paper trail

Va. court to decide whether American Muslims for Palestine must hand over financial documents

State AG investigating whether the advocacy group provided support to terror organizations

Julia Rendleman for The Washington Post via Getty Images

The newly sworn-in attorney general of Virginia, Jason Miyares sits in his office January 19, 2022 in Richmond, Virginia.

A long-awaited court hearing in Virginia next week is expected to decide if a pro-Palestinian advocacy group with alleged ties to Hamas will be compelled to hand over sensitive financial documents that could reveal closely guarded funding sources.

The outcome of the hearing in Richmond on Tuesday could have major consequences for the Virginia-based nonprofit organization American Muslims for Palestine, which is the target of an investigation launched shortly after Hamas’ Oct. 7 attacks in Israel by the state’s Republican attorney general, Jason Miyares.

In a statement announcing his probe on social media last October, Miyares said his office was investigating the group “for fundraising without proper registration and for potentially violating Virginia’s charitable solicitation laws, including benefitting or providing support to terrorist organizations.”

On its website, AMP, founded in 2006, describes itself as “a grassroots organization dedicated to advancing the movement for justice in Palestine by educating the American public about Palestine and its rich cultural, historical and religious heritage and through grassroots mobilization and advocacy.”

But the group has faced increased scrutiny in the wake of Hamas’ attacks over its ties to anti-Israel protests on college campuses and its backing of National Students for Justice in Palestine, which has expressed outspoken support for Hamas. Top officials at AMP, meanwhile, were once affiliated with a now-defunct group, the Islamic Association for Palestine, found liable for aiding Hamas.

For its part, AMP has said it has never supported or funded terrorism and that it does not send money overseas. 

The attorney general’s investigation is among a number of high-profile legal efforts now targeting AMP, including a civil lawsuit filed in Virginia in May that accuses the group of providing material support for Hamas. 

The group is also seeking to fend off a civil suit in Chicago, which Miyares’ office has cited in court filings, alleging that AMP is an “alter ego” of such groups as IAP and seeking to collect a $156 million judgment that has never been paid to the family of David Boim, an American killed by Hamas in a 1996 terrorist attack.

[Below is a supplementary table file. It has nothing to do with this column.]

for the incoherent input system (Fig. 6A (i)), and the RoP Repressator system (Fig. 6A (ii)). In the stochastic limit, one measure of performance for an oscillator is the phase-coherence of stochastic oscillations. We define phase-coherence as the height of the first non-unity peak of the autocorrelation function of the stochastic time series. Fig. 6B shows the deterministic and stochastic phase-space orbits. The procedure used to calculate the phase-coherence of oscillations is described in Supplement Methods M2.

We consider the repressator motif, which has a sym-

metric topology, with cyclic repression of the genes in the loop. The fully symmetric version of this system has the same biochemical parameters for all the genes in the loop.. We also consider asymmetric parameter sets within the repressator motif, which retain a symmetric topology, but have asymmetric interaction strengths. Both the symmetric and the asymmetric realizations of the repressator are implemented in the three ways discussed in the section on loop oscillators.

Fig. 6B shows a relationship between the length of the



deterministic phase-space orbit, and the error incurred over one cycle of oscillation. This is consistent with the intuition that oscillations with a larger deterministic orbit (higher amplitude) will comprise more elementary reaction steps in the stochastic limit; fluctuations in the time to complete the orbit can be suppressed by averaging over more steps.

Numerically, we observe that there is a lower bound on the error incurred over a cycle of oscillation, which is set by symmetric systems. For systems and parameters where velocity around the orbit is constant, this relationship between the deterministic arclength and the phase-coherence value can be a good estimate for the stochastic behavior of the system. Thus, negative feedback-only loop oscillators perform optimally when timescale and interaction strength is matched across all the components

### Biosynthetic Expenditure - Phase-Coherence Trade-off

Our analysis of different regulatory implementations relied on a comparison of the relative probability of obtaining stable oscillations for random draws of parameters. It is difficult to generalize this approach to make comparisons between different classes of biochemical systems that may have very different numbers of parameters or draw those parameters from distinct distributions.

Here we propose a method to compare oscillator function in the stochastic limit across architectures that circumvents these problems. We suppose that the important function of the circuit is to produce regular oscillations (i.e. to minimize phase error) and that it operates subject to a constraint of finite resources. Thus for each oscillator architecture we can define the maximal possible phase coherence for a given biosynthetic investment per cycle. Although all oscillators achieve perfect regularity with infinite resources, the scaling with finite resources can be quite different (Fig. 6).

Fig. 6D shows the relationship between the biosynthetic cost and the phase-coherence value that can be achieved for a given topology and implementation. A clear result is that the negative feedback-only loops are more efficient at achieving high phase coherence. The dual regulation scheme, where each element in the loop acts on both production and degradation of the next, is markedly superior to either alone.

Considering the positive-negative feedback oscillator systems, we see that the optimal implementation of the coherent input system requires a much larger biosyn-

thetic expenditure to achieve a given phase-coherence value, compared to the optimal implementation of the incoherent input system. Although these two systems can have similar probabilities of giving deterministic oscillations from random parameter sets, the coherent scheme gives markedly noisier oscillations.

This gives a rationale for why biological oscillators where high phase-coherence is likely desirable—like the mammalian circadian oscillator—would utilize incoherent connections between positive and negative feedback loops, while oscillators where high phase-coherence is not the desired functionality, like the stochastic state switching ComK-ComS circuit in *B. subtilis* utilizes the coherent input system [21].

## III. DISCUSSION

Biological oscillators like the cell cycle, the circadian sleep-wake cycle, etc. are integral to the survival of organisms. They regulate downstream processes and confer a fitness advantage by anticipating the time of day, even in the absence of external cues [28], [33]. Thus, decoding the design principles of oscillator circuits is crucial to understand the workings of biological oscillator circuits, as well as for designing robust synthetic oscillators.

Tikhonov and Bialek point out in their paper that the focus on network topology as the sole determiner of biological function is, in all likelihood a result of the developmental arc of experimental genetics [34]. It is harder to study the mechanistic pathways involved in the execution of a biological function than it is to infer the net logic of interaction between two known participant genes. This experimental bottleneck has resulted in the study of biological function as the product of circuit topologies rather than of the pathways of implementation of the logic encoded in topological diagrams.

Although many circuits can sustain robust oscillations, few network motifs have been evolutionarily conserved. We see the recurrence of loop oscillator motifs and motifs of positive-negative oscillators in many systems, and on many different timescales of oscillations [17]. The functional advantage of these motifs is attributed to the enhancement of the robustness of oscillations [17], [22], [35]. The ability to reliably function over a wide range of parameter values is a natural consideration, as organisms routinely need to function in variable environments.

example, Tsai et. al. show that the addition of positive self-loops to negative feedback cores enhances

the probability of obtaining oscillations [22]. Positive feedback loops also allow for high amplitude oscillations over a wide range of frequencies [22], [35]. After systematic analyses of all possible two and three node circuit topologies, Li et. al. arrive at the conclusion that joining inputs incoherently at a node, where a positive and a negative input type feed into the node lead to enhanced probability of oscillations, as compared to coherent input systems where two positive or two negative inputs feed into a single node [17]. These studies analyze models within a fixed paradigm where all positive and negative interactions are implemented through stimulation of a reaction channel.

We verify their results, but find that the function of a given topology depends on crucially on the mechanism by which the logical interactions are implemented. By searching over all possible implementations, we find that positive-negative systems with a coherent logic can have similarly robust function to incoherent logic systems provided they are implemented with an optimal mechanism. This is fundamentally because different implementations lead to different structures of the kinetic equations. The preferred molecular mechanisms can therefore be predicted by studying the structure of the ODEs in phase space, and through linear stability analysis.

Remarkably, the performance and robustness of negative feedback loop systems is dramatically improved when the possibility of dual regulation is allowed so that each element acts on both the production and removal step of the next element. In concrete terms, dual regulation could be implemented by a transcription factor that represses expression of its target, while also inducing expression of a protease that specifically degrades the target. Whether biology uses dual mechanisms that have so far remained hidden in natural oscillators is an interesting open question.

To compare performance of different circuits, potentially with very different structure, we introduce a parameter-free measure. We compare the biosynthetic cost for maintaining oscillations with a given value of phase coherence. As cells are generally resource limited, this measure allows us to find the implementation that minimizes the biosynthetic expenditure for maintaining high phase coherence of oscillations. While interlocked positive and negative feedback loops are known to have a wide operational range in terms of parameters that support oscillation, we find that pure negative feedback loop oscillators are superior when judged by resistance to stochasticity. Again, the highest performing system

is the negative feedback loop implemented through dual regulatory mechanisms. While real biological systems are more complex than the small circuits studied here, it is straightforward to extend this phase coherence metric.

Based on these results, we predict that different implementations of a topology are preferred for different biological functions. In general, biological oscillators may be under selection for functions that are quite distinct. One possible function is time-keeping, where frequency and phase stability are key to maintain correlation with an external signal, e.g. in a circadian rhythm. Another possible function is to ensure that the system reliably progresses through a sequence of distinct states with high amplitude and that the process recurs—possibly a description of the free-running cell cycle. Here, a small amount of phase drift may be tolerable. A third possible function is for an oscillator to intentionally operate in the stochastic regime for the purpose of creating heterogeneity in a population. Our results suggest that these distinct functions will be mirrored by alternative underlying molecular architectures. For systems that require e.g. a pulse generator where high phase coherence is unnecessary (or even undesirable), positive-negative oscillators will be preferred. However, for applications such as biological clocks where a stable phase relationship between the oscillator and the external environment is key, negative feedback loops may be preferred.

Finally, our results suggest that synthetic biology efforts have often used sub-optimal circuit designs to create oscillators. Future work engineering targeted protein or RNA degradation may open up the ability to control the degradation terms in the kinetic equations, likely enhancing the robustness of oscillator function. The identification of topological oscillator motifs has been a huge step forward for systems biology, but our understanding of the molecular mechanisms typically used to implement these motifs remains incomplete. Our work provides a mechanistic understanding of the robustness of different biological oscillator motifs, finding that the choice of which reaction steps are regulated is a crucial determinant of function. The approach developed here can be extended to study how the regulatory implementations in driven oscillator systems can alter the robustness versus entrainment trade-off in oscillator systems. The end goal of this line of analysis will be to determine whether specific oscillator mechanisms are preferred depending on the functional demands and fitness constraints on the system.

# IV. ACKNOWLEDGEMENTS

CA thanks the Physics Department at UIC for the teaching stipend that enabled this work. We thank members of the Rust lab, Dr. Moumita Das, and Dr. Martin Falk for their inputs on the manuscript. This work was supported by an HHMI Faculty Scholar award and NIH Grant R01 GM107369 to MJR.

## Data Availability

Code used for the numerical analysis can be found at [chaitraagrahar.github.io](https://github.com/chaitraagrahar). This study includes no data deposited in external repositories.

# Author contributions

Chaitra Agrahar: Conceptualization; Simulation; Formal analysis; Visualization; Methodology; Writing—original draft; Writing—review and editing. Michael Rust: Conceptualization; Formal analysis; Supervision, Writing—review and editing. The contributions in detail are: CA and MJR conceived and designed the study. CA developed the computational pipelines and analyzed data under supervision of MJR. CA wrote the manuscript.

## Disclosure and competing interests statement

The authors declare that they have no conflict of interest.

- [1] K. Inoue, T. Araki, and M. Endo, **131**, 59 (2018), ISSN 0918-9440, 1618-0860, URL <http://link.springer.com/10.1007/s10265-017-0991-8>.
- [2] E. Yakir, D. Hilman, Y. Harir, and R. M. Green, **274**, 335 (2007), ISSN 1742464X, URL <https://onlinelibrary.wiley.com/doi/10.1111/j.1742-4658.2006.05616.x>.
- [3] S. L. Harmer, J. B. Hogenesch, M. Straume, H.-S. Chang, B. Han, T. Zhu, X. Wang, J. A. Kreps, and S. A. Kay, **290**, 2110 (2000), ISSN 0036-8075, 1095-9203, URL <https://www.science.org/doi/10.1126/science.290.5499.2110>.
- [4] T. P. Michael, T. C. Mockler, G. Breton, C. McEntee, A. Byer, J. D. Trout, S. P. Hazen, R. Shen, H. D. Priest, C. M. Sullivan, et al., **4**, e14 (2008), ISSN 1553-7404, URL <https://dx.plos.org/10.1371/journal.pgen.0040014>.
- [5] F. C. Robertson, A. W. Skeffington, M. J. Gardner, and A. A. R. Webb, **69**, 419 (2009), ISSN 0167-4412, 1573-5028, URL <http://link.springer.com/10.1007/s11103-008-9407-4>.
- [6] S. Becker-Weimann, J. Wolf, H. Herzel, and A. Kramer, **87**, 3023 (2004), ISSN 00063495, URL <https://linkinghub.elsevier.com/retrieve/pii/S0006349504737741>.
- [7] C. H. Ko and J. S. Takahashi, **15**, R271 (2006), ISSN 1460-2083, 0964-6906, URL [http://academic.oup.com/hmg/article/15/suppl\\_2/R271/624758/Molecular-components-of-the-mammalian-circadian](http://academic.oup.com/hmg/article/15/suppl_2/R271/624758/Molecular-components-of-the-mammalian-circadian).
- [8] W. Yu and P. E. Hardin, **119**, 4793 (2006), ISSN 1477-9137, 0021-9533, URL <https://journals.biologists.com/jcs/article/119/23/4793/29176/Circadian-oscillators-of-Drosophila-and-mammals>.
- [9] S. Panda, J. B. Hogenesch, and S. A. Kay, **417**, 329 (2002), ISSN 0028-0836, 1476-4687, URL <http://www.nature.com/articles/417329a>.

Both of those suits are also seeking to pry donor information that AMP has for years shielded from public view — and which has long been a source of intrigue among critics of the group who suspect it has engaged in nefarious activities.

Pending the judge’s decision next week, Miyares’ investigation could be the first to see meaningful movement in a multipronged legal effort to shed light on AMP’s finances.

As part of the probe, Miyares’ office filed a civil investigative demand seeking AMP’s financial records, including donor information. In a petition filed in response, AMP, which has criticized the probe as “defamatory” and “dangerous,” requested that a judge narrow the focus of the probe, claiming that the demand “exceeds the scope of the attorney general’s authority” and “improperly seeks detailed information regarding donors.”

Miyares’ office has rejected AMP’s effort to block the order, citing what it described as the group’s “admission” in its petition “that it has violated Virginia law” as proof “reasonable cause exists to issue the” civil investigative demand.

Christina Jump, an attorney for AMP, said in an email to Jewish Insider last month that the group “has been consistently registered with the secretary of the Commonwealth, though made an error common with many nonprofits of overlooking one additional form registration.”

“AMP then remedied that less than a month after the attorney general first alerted it to the oversight,” said Jump, an attorney for the Muslim Legal Fund of America, adding that the group “has remained compliant ever since.”

The hearing, initially scheduled for March, was further delayed last month after the judge granted AMP’s request for a continuance over the attorney general’s objections. The group had requested that the hearing be moved to a later date because it had recently parted ways with its local counsel, Faisal Gill, and was still in the process of finalizing an agreement with a new attorney based in Virginia.

Shortly after the hearing was delayed last month, Jump told JI that AMP “chose to go in a different direction with local counsel,” but did not explain why it had ended its relationship with Gill, who unsuccessfully ran for Los Angeles city attorney in 2022.

In a follow-up email to JI this week, Jump said that AMP’s local counsel is now Brad Marrs, an attorney in Richmond who specializes in civil trials. “He and I will both be there for the hearing,” she said.

Jump said that she looks “forward to clearing the inflammatory rhetoric that the attorney general unnecessarily injected into this case, and publicly setting out the undisputed facts.”

Chloe Smith, a spokesperson for Miyares, told JI on Tuesday that the attorney general “looks forward to next week’s hearing,” but did not comment further.

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